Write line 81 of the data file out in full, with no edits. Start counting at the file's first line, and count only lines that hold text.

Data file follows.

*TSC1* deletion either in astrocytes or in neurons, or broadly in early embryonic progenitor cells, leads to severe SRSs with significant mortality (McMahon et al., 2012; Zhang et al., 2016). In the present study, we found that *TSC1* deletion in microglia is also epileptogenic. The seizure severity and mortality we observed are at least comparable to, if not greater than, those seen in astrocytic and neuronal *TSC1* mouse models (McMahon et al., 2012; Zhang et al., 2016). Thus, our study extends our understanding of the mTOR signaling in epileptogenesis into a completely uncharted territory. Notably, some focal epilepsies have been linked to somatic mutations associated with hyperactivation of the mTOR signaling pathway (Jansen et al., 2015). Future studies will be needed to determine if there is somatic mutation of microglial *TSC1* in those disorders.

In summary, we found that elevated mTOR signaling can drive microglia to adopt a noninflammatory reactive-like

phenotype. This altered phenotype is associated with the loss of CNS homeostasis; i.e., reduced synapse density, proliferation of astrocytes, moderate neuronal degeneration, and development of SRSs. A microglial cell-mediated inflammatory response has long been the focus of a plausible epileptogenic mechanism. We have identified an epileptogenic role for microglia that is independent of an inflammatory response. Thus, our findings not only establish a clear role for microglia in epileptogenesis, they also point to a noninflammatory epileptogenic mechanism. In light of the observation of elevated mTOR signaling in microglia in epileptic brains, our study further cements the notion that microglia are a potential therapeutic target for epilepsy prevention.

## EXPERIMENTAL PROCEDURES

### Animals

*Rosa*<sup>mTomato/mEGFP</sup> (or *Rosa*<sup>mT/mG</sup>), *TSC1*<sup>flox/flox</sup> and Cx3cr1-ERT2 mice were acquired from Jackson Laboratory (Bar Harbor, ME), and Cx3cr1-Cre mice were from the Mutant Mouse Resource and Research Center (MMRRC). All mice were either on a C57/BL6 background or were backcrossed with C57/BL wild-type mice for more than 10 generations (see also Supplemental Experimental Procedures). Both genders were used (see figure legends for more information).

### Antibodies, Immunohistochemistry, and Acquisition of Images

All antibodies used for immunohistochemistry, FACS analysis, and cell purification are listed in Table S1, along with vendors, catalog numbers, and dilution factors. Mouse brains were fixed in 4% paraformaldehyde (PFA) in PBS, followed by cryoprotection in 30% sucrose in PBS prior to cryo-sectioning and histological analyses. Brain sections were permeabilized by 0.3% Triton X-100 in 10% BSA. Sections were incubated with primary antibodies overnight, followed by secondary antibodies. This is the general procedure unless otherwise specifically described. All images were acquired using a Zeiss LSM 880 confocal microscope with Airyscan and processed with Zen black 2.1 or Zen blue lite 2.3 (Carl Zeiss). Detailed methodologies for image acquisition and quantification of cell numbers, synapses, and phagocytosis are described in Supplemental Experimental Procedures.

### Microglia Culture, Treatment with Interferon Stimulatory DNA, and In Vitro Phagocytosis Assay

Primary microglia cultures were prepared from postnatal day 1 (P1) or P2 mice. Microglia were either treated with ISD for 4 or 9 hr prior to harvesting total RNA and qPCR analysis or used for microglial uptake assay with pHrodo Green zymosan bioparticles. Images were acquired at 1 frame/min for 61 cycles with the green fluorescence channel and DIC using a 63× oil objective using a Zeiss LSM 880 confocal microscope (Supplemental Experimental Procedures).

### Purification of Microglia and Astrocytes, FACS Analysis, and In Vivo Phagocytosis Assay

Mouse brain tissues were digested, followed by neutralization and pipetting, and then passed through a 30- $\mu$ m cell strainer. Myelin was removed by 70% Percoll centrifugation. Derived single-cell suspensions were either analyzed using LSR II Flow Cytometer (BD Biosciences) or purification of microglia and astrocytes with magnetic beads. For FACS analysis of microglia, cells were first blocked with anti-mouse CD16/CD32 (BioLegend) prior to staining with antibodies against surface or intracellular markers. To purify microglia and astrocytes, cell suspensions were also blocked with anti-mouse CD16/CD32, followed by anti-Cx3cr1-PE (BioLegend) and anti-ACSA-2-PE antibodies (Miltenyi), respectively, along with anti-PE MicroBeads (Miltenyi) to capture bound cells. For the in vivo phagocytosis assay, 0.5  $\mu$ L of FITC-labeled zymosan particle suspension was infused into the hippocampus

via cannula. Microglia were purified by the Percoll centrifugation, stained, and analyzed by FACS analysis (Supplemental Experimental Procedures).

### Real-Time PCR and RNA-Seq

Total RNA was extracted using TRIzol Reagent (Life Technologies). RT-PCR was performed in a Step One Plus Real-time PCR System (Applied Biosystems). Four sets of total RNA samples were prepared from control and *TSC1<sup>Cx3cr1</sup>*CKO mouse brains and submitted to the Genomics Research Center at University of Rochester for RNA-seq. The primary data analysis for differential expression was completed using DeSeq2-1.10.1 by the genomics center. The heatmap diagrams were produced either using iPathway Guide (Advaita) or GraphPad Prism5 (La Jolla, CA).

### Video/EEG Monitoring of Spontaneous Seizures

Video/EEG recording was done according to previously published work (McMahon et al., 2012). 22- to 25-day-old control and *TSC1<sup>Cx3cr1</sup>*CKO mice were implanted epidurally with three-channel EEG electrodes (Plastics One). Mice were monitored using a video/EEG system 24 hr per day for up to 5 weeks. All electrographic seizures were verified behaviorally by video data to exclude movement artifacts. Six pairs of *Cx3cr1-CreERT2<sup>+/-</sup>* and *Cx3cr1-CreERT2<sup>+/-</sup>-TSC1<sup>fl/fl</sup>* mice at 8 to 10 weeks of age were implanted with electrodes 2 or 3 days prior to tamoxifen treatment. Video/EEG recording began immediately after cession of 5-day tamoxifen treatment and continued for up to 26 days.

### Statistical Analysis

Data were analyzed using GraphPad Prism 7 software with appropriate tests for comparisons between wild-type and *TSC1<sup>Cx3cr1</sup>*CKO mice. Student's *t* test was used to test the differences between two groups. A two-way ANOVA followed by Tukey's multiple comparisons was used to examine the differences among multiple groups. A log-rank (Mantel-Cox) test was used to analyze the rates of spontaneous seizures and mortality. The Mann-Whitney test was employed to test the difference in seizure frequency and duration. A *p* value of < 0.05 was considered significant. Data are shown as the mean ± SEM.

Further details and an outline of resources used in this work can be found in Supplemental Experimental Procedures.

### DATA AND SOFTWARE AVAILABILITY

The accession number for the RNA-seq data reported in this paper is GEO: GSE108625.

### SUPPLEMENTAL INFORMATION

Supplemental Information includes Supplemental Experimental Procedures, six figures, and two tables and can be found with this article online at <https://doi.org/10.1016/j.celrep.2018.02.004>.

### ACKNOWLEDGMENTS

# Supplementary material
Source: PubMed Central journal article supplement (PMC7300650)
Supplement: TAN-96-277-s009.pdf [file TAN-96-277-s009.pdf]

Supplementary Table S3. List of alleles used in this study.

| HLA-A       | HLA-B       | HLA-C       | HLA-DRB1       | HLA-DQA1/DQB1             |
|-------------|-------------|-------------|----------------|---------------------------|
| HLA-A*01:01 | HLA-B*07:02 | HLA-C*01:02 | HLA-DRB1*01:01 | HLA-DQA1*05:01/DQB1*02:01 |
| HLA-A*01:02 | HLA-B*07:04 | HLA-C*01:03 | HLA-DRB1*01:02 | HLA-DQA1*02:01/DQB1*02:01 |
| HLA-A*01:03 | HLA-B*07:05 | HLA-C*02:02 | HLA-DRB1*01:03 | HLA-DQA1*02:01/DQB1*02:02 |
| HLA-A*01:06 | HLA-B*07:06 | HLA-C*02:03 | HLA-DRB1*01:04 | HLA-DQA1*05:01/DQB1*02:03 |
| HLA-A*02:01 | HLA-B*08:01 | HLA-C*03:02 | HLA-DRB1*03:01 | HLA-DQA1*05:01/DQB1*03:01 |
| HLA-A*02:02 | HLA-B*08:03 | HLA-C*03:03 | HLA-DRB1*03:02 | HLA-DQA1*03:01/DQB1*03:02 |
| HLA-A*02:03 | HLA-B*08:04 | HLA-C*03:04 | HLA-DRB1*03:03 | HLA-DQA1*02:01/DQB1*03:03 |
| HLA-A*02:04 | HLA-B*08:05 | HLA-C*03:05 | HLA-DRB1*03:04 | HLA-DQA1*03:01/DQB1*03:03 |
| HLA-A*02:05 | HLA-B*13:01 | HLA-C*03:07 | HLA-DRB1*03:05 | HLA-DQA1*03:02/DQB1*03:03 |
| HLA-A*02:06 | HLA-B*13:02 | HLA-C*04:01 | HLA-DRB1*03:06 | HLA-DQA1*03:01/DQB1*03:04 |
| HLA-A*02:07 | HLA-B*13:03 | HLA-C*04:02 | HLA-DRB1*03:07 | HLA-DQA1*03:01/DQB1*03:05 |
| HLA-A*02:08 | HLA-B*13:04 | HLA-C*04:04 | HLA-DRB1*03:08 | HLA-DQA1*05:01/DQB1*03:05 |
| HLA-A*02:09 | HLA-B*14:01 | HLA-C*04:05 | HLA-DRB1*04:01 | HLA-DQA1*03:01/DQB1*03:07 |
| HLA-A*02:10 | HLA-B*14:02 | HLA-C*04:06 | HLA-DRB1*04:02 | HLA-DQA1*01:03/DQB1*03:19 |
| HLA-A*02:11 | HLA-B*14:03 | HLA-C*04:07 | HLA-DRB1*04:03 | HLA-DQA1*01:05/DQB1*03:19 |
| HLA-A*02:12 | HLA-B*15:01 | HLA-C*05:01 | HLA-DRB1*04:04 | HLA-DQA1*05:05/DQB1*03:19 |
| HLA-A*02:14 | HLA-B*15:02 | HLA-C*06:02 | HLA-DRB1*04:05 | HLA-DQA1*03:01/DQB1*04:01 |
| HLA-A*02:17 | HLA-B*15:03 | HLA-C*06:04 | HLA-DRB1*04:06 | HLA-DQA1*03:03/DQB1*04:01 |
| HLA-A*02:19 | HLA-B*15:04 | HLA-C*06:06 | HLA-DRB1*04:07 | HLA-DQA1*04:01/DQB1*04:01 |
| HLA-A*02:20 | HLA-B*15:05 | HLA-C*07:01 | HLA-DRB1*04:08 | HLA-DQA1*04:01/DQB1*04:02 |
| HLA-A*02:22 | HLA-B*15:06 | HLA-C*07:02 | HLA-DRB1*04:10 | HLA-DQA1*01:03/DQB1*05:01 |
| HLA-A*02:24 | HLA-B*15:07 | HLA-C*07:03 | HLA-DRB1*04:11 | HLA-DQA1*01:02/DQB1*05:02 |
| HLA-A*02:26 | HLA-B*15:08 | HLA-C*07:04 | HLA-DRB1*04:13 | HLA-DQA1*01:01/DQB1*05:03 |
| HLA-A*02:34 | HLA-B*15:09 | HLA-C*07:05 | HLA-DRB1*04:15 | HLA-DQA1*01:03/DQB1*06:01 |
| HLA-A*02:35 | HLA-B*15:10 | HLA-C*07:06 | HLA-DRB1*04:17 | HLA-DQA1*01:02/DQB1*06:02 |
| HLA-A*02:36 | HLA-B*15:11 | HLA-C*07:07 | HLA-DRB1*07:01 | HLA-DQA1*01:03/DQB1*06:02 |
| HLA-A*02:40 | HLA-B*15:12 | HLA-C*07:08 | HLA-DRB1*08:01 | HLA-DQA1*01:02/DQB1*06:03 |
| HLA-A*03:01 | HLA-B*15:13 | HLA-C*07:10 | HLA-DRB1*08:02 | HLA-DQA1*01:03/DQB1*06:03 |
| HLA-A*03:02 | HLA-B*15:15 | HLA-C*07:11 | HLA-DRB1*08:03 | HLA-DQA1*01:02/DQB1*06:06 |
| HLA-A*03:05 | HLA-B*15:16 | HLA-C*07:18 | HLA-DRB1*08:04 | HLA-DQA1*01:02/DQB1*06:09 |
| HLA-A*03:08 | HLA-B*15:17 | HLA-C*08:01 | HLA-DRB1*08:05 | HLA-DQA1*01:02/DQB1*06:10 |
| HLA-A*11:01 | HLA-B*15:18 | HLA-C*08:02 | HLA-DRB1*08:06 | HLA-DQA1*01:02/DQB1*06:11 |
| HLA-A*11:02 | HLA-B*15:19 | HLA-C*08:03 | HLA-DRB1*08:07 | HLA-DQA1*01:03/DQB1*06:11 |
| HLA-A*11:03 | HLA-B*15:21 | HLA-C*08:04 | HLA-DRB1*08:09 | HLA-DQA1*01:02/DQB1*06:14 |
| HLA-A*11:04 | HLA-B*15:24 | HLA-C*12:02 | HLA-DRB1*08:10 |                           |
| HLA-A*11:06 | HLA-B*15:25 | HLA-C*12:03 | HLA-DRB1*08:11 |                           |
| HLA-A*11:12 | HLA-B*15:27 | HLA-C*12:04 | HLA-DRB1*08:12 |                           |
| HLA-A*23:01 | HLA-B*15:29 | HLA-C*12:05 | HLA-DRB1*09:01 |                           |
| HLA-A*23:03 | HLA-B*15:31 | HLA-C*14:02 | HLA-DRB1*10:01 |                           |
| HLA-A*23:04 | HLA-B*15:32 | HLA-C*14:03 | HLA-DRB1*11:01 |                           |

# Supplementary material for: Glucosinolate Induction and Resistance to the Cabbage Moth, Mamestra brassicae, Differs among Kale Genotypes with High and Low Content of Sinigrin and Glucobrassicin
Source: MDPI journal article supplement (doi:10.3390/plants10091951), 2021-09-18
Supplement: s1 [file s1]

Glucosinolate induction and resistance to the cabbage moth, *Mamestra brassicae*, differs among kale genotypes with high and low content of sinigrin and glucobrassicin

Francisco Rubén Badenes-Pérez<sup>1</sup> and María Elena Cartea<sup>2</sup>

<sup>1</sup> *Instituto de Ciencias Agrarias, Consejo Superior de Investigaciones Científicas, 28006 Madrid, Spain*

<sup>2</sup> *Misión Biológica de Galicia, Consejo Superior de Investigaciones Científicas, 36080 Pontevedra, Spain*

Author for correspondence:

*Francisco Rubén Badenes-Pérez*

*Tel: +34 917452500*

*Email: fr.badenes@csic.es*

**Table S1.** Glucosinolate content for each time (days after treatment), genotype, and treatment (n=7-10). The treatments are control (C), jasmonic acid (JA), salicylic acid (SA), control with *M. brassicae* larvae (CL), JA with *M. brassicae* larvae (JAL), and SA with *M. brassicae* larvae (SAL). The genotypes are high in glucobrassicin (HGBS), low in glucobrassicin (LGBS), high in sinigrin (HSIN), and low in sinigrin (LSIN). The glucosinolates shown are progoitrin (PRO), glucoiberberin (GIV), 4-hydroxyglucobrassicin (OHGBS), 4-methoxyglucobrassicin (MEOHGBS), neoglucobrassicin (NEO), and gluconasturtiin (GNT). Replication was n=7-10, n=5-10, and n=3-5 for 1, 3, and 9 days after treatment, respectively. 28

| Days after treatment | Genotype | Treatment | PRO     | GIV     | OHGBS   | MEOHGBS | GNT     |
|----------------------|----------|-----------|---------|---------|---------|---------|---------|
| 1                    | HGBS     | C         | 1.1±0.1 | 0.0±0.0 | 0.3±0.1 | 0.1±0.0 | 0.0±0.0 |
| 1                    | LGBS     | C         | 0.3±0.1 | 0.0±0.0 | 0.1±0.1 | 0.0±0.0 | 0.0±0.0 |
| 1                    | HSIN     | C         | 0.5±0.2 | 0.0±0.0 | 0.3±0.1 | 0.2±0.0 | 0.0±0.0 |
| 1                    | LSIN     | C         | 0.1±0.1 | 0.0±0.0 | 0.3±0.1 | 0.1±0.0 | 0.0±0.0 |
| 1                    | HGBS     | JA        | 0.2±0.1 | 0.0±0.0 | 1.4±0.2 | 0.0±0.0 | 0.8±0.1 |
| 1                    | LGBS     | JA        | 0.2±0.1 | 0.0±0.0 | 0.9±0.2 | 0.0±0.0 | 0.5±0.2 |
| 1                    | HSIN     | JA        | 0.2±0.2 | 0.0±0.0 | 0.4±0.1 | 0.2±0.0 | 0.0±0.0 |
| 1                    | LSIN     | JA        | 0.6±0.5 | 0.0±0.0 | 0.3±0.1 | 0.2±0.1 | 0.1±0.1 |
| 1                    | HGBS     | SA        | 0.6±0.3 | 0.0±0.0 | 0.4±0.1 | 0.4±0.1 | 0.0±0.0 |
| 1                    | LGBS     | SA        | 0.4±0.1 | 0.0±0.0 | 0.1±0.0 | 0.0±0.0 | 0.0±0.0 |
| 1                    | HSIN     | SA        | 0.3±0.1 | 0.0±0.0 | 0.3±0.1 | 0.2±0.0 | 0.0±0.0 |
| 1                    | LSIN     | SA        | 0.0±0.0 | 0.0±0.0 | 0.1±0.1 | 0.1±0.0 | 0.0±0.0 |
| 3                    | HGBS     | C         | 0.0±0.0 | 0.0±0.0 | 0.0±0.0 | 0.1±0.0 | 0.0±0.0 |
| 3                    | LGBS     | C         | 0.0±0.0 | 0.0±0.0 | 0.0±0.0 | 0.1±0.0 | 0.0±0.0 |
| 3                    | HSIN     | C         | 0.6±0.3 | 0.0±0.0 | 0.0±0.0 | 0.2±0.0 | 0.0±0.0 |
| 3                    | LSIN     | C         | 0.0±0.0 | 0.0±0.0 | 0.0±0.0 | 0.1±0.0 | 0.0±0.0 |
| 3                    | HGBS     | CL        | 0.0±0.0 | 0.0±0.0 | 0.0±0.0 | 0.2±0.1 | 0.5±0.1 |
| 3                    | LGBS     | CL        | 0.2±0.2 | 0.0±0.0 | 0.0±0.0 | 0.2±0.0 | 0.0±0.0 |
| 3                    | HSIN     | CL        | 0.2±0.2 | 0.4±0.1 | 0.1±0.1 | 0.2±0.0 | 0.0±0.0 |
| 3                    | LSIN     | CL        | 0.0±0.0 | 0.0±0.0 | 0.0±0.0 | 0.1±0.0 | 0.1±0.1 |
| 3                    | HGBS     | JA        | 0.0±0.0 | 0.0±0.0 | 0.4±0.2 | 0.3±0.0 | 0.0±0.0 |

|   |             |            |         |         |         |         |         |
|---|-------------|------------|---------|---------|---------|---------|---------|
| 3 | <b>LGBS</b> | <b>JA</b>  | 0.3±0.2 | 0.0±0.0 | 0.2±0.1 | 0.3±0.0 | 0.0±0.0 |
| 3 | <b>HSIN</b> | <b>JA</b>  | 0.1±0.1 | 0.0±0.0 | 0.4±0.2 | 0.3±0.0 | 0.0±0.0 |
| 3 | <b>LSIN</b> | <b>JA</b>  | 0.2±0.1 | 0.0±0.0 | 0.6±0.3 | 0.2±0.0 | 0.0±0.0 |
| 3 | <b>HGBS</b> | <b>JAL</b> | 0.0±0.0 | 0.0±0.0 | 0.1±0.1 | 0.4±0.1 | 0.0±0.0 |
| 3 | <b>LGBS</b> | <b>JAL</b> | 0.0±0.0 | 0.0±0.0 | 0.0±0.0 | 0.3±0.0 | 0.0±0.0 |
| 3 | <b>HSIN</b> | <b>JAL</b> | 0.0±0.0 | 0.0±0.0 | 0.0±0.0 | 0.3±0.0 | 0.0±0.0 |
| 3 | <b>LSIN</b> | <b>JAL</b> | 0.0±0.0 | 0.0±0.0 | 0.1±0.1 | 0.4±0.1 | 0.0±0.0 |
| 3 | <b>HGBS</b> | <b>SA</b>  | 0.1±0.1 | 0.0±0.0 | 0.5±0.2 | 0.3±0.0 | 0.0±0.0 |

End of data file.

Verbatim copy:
*Tel: +34 917452500*